Benefits of diversification When constructing a portfolio, two main challenges present themselves – picking the right asset classes and then picking the best managers to run those assets. Choosing an asset allocation strategy can help protect you from downside risk as well as helping to ensure that you maximise the benefit from potential upside. Interestingly, diversification is one of the few elements in a portfolio that is also free. A strong investor can optimise their approach using the diversification tool. The last few weeks have exposed how quickly the direction of the markets can change, and investors’ risk appetite with it. It is moments like these that highlight the importance of protecting your client’s assets by holding as diversified a portfolio as possible. For example, while equities remain an attractive asset class with a return premium (over cash) of around 3 per cent per annum, they carry with them an annual volatility of 15 per cent, which can make your portfolio returns highly variable. It therefore makes sense to branch out into asset classes that don’t all behave alike, but can provide similar levels of return expectation. This is indicated by the correlation. For instance, if you add North American equity to a UK equity portfolio, the correlation is relatively high at 0.74; they behave in almost the same way (complete correlation being 1.0). Choose global high yield bonds instead (correlation of 0.36) and there is less likelihood of the two moving in sync and more likelihood of the combination working together to yield more robust returns. Combining multiple asset classes with a low correlation to each other has the potential to result in a more efficient portfolio, limiting your total risk and providing better opportunity for positive returns.

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From PWM Research / Sub-Advisory September 1, 2006

Quantitative funds: a clear decision

The rise of quantitative managers
Since the late-1990s, there has been substantial growth in the amount of assets managed by quantitative managers and using quantitative investment strategies in the institutional fund management arena. In the last several years this rapid growth has continued, as client demand has bifurcated between higher octane high alpha products and lower tracking error index plus products. Fund buying professionals are clearly looking for well-managed quantitative equity funds to put at the core of their client portfolios. Such funds enable fund buyers to reliably put in place what they hope are consistent asset class returns, often outperforming index tracking products, to construct successful portfolios and investment products.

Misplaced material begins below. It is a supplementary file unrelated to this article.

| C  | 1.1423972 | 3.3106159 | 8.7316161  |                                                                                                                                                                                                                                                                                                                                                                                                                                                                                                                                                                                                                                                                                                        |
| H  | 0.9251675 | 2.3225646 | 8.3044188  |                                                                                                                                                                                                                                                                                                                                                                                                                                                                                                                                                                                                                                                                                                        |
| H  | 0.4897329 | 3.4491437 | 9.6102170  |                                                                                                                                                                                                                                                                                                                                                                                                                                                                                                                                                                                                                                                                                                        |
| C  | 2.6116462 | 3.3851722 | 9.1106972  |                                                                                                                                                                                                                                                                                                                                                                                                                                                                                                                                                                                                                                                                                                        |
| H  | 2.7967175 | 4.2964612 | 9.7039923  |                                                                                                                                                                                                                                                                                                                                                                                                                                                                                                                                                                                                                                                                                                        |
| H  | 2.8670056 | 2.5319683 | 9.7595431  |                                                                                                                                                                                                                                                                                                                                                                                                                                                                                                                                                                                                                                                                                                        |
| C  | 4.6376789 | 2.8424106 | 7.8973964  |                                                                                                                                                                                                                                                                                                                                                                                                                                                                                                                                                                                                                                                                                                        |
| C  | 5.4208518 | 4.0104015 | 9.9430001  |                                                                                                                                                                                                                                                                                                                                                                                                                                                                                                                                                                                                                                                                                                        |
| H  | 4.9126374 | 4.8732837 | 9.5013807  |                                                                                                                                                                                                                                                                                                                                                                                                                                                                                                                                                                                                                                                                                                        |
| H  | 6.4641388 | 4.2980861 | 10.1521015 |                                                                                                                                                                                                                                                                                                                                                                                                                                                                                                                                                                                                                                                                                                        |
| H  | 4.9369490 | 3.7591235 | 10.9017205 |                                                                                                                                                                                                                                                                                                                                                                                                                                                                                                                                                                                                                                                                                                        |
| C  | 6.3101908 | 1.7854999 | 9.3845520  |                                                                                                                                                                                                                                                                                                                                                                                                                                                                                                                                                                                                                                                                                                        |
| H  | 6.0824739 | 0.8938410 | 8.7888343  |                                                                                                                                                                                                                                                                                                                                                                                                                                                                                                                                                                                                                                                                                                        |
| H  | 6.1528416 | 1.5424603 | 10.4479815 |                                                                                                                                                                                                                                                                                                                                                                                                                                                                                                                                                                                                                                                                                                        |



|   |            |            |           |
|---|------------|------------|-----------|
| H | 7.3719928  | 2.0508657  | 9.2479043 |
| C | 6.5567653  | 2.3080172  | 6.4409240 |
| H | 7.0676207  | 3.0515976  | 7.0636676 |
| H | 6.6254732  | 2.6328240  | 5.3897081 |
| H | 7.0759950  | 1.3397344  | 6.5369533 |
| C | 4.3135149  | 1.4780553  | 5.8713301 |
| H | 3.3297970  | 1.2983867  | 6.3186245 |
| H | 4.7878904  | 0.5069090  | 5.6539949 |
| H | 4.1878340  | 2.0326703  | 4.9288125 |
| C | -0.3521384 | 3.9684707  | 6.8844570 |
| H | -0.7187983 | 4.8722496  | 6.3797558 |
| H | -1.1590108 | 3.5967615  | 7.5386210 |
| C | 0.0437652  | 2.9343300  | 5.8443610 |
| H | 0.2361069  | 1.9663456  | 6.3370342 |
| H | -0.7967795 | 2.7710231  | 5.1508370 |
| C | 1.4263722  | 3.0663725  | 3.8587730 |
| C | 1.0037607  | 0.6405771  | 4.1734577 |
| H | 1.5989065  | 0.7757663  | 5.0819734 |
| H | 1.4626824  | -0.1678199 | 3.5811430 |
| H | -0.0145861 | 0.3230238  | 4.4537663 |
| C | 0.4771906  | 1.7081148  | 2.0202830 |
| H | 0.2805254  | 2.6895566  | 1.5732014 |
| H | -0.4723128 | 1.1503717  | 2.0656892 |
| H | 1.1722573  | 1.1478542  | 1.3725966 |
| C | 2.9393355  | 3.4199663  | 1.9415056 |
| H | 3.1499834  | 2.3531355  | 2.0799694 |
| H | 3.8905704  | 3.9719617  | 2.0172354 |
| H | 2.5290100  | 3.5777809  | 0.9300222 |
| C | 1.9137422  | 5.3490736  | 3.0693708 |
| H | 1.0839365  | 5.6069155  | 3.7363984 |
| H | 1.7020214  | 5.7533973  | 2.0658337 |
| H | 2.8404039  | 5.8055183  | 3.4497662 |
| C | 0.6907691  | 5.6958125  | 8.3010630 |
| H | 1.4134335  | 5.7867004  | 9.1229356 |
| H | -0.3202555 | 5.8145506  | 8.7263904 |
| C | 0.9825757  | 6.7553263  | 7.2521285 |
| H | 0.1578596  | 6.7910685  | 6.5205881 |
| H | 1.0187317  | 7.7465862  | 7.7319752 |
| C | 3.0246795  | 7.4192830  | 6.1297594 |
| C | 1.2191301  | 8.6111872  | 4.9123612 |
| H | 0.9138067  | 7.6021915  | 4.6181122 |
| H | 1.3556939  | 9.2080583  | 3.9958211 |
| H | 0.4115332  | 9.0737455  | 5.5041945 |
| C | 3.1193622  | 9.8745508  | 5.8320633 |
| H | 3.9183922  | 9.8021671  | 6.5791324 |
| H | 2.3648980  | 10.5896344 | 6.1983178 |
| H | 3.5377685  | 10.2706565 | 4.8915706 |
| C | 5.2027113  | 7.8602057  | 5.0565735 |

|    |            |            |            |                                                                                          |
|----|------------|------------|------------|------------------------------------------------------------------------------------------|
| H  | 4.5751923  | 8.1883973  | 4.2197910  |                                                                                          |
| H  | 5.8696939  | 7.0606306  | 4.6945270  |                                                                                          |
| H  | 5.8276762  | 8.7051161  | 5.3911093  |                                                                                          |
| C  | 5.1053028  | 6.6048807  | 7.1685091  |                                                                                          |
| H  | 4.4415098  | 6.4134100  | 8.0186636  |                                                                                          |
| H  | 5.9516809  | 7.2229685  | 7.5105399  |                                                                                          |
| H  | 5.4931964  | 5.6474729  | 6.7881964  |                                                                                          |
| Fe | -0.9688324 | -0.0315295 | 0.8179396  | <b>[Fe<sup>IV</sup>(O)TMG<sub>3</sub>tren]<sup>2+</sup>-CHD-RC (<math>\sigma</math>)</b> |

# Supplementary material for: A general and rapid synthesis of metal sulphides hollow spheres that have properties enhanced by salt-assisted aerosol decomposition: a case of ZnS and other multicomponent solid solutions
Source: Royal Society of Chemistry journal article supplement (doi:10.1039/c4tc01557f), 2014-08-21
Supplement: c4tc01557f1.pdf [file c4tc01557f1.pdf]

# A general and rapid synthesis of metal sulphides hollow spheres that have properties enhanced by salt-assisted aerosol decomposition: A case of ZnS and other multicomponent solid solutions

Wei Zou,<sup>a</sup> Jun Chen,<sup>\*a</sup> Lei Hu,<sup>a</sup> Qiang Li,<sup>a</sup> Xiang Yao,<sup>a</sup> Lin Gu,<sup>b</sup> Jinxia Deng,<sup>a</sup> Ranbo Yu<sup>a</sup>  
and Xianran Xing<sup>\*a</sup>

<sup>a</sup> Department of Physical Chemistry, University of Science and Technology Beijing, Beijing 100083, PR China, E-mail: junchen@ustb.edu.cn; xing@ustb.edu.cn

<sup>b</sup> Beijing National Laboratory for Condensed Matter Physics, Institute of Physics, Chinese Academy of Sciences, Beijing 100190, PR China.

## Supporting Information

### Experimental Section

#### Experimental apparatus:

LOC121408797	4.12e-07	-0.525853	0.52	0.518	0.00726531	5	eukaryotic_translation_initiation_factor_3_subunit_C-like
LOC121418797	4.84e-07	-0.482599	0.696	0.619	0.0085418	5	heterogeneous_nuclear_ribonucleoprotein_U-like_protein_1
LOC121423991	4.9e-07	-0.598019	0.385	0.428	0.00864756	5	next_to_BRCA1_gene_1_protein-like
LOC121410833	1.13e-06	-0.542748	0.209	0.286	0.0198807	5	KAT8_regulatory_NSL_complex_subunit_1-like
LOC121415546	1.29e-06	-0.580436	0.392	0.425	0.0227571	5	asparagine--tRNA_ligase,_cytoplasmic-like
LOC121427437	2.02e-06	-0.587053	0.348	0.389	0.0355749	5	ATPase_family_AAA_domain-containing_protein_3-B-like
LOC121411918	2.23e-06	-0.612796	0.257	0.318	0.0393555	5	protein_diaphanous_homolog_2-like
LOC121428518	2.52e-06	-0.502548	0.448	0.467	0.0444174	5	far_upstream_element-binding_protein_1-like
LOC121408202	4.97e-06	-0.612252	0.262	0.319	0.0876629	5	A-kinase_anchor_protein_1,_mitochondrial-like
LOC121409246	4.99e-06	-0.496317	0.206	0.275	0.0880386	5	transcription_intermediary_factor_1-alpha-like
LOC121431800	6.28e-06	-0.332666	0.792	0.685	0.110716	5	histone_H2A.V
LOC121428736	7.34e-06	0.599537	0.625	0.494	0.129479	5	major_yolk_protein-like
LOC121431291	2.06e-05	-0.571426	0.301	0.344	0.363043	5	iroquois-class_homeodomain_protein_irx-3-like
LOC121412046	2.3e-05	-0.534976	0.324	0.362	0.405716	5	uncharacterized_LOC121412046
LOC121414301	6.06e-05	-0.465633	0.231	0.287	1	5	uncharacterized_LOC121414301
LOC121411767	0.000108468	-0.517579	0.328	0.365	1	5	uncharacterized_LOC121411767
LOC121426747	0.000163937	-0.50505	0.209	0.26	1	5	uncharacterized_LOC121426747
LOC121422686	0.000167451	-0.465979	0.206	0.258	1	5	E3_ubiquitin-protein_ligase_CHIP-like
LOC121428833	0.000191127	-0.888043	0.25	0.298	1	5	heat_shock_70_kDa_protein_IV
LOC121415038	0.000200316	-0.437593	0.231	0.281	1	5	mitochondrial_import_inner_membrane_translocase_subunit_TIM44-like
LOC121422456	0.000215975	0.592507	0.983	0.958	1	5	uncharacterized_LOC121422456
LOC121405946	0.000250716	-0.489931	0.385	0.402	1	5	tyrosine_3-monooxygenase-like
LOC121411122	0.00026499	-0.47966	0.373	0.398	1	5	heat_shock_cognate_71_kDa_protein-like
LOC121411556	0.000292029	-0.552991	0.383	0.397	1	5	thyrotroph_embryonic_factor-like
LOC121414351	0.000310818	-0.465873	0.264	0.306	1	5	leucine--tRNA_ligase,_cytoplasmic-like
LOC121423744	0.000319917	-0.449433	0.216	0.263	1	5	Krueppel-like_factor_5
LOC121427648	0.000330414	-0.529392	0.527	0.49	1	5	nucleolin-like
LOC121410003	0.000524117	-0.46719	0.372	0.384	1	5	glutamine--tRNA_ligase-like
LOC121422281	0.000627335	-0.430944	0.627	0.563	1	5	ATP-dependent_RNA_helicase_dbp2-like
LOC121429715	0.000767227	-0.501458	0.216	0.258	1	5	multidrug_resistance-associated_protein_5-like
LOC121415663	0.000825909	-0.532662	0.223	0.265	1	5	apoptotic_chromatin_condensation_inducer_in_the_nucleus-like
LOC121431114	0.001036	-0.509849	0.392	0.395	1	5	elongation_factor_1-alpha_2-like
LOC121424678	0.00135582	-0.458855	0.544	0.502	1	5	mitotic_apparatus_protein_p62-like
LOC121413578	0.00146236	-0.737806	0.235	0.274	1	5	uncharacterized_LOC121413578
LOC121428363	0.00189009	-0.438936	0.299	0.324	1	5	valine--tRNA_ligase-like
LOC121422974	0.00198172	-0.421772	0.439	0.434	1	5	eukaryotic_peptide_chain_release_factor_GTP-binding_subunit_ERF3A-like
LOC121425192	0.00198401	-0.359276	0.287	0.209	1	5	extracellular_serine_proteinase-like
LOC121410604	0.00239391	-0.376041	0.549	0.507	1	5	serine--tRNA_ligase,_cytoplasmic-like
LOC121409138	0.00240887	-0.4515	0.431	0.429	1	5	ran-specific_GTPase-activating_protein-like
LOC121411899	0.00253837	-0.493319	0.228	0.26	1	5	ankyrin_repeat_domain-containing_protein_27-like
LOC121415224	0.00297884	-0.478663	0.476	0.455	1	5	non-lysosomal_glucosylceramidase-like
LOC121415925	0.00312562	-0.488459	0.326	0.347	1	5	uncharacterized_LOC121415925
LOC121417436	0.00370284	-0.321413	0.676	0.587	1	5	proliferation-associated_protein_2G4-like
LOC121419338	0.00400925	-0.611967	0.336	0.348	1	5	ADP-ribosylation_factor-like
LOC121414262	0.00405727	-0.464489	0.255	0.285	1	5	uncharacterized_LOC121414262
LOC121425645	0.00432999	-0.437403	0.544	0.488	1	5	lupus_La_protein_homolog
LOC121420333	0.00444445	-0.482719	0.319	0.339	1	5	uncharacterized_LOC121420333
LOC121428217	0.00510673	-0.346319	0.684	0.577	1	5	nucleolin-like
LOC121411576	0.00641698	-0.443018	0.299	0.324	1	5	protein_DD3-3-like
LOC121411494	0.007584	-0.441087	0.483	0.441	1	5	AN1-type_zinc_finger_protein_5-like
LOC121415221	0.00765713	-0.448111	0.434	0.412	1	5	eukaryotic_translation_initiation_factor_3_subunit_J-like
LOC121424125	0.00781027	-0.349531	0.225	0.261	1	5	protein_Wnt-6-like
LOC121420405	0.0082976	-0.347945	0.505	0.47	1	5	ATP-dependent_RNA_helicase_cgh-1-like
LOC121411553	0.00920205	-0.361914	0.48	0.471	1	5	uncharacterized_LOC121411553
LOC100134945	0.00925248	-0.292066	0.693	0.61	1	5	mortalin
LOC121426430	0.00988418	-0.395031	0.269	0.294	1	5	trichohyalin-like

From PWM Research / Sub-Advisory June 1, 2006

Boldly entering the alpha universe

From PWM Research / Sub-Advisory May 1, 2006

The four powerhouses of the future

Dr David Curtis, head of GSAM’s European Sub-Advisory business, discusses investment solutions

From PWM Research / Sub-Advisory April 1, 2006

Taking advantage of the opportunity to add commodities to your portfolio

Portfolio challenges It has long been recognised that investing in commodities can offer several benefits to a portfolio, including negative correlation to stocks and bonds and historically higher index returns. However, due to past legislation, such investments were only available to institutional investors. With the advent of Ucits III this has now changed and a more widespread investor base is able to consider the benefits of investing in commodities.